Thanks to the British sympathies of Nelson Rockefeller and his family, Stephenson opened an office in Rockefeller Center in Midtown Manhattan, on the 36th floor of the International Building North, at 636 Fifth Avenue. The sign over Room 3603 read “British Passport Control Office.” However, before long the floor-through office within was teeming with British and Canadian citizens, many in the U.S. on false diplomatic passports, and some Americans, all secretly employed by MI6.
Room 3603 housed two operational arms under Stephenson’s control. The British Information Service (BIS) ran a so-called “white,” or soft, propaganda operation that published magazines and pamphlets, paid for radio broadcasts, including over a New Jersey radio station it controlled, and broadcasted multilingual shortwave programming around the Western Hemisphere aimed at boosting support for the British cause. Stephenson’s operative David Ogilvy, after the war a famed advertising wizard, worked as an assistant director to George Gallup’s influential polling organization where he tracked Americans’ growing support for the British cause. Ogilvy also skewed survey questions to encourage the belief that their support was growing faster than it was.
Decades before the terms “viral media” and “fake news” were on anybody’s tongue, the BIS began subsidizing Overseas News Agency (ONA), a branch of the Jewish Telegraph Agency, to feed manufactured stories, often couched within factual material, about German atrocities, British pluck under the German bomber onslaught, and Hitler’s threats against the Americas, to its New Jersey Radio Station, which tagged them with the news agency label. That enabled friendly American newspapers and radio stations to report them as “news” from a reliable press source. Wire services, other radio stations and newspapers would then pick up the stories, which were soon being broadcasted and reported around the country.
For example, BIS writers supplied stories for its New Jersey radio station based on reports in friendly newspapers that originated with the Overseas News Agency. The gullible American press even reprinted the anti-Hitler predictions of a bogus Hungarian astrologer named Louis de Wohl. More effective still was a concerted campaign aimed at undermining morale on German U-boats. The ONA put out a story stating that the British had invented a new superexplosive for filling depth charges. The story appeared on the front pages of all the leading American newspapers, which were known to be regularly monitored by the Germans. Nobody suspected they were emanating from Rockefeller Center.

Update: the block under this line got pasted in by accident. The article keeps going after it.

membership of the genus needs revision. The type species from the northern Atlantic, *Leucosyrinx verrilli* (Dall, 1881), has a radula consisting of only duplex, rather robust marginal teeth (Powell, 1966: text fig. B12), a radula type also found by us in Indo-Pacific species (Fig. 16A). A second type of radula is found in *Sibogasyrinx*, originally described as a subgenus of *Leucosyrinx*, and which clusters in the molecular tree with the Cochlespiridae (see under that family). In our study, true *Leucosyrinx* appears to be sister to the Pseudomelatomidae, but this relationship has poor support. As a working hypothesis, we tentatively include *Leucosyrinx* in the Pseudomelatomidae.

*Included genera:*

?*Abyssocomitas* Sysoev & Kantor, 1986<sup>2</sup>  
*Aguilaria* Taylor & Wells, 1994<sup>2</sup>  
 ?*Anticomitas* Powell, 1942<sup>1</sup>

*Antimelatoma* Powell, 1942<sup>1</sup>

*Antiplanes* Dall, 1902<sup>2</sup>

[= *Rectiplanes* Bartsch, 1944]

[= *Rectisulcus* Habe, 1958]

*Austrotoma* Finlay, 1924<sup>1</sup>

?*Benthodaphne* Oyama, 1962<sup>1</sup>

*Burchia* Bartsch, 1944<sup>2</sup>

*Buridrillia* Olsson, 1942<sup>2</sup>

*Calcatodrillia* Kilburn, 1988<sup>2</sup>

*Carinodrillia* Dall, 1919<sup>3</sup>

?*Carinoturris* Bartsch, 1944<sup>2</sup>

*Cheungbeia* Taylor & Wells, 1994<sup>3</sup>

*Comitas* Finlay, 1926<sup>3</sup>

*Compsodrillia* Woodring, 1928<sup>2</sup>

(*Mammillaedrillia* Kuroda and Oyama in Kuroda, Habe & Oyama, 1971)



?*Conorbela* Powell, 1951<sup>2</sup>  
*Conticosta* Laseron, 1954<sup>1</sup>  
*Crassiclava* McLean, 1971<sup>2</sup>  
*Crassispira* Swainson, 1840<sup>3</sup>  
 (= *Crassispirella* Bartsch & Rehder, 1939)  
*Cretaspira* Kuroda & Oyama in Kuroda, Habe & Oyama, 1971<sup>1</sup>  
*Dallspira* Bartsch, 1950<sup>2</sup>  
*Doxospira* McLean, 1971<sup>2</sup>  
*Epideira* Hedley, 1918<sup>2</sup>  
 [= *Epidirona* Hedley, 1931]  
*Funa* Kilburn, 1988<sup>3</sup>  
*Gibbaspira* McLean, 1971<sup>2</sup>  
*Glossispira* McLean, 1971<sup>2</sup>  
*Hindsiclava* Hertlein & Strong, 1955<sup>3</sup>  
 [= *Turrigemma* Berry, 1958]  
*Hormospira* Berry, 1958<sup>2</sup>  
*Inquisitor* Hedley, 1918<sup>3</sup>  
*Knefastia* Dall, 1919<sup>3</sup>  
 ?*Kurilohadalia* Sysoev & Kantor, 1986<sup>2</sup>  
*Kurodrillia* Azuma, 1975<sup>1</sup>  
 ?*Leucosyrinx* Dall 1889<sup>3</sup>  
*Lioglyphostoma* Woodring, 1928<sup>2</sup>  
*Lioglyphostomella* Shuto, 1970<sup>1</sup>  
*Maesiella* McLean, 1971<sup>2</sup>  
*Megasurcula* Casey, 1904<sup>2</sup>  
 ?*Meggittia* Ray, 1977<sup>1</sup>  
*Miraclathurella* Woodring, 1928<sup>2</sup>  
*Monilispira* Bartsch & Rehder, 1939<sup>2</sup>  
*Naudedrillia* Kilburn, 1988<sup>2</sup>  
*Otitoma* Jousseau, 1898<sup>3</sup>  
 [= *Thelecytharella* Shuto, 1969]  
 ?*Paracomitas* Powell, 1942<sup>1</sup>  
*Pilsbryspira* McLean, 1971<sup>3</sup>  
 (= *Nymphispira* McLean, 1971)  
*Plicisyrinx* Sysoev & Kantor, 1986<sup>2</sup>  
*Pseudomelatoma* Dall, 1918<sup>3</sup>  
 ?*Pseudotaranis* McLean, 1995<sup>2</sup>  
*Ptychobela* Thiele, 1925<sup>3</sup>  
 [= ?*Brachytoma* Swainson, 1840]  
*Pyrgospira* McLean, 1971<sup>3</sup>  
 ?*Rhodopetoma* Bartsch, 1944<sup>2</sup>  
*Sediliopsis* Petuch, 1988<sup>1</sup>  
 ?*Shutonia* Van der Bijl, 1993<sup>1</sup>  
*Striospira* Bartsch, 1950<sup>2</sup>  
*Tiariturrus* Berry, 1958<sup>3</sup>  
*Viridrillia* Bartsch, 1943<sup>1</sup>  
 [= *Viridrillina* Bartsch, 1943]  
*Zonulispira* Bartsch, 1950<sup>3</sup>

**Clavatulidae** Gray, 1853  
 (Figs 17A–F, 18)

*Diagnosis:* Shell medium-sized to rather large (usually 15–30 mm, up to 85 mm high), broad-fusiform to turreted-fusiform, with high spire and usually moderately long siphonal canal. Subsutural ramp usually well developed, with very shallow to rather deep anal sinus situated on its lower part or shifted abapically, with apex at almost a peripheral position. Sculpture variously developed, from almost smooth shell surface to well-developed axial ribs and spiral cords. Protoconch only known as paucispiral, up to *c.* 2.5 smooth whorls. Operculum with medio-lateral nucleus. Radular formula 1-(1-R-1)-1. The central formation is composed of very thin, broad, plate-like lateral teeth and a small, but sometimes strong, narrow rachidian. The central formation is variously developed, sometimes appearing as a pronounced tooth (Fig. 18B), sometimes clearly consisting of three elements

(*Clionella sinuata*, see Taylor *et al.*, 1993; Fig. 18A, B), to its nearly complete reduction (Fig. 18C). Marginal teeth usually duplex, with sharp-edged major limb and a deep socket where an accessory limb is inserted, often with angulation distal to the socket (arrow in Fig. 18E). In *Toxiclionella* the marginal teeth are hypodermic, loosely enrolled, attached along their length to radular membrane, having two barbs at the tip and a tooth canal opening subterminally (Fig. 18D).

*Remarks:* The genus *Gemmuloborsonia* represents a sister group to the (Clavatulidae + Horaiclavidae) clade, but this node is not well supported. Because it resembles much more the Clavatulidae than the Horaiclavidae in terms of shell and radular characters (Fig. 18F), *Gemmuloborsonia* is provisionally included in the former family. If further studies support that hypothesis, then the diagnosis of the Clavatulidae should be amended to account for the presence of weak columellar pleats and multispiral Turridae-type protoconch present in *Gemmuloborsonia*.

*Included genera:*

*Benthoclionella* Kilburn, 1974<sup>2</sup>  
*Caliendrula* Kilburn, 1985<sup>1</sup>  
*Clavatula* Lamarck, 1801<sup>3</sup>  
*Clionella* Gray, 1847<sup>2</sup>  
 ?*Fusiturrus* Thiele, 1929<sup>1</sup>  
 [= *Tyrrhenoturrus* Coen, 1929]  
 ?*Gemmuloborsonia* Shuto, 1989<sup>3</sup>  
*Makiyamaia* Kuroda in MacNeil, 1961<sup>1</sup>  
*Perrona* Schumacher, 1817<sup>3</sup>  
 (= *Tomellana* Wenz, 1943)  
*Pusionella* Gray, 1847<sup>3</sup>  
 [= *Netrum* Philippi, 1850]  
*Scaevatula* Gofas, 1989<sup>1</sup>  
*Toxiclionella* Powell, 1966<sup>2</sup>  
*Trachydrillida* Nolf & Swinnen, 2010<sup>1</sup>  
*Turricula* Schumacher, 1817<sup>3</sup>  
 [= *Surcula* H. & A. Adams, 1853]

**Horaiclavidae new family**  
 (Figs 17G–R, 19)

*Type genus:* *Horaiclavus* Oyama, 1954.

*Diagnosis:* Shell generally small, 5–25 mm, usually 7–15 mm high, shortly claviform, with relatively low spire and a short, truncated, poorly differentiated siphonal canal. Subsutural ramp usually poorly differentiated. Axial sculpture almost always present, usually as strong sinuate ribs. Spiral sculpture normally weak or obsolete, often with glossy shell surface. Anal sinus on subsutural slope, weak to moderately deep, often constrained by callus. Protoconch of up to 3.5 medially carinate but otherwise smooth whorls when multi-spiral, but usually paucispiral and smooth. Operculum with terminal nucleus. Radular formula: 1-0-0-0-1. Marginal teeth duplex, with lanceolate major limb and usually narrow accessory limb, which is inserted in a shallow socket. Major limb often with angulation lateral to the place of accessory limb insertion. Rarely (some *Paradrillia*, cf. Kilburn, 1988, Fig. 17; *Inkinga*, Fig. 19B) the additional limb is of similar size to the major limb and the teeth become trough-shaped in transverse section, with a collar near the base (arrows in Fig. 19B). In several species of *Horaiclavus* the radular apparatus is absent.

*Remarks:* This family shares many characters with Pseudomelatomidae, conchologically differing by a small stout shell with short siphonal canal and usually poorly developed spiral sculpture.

Stephenson also tried to influence American politics, sending rabble-rousers to spark fighting and riots at meetings of isolationist organizations such as the Committee for America First, and providing funds to pro-interventionist organizations and candidates for political office. Newspapers reported on the violence as much as they did on the political speeches.
Those relatively kid glove efforts went on along with a hidden, iron fist with which Stephenson punched at the Germans from deep within Room 3603, as well as out of the British Embassy in Washington and a school for spycraft known as Camp X he set up across the New York State border in Ontario, Canada. Known as the British Security Coordination (BSC), the clandestine intelligence empire Stephenson spawned battled Germany throughout the Western Hemisphere. He purportedly ran a network of upwards of 3,000 secret agents, counterintelligence operatives, forgers, burglars, codebreakers, and killers.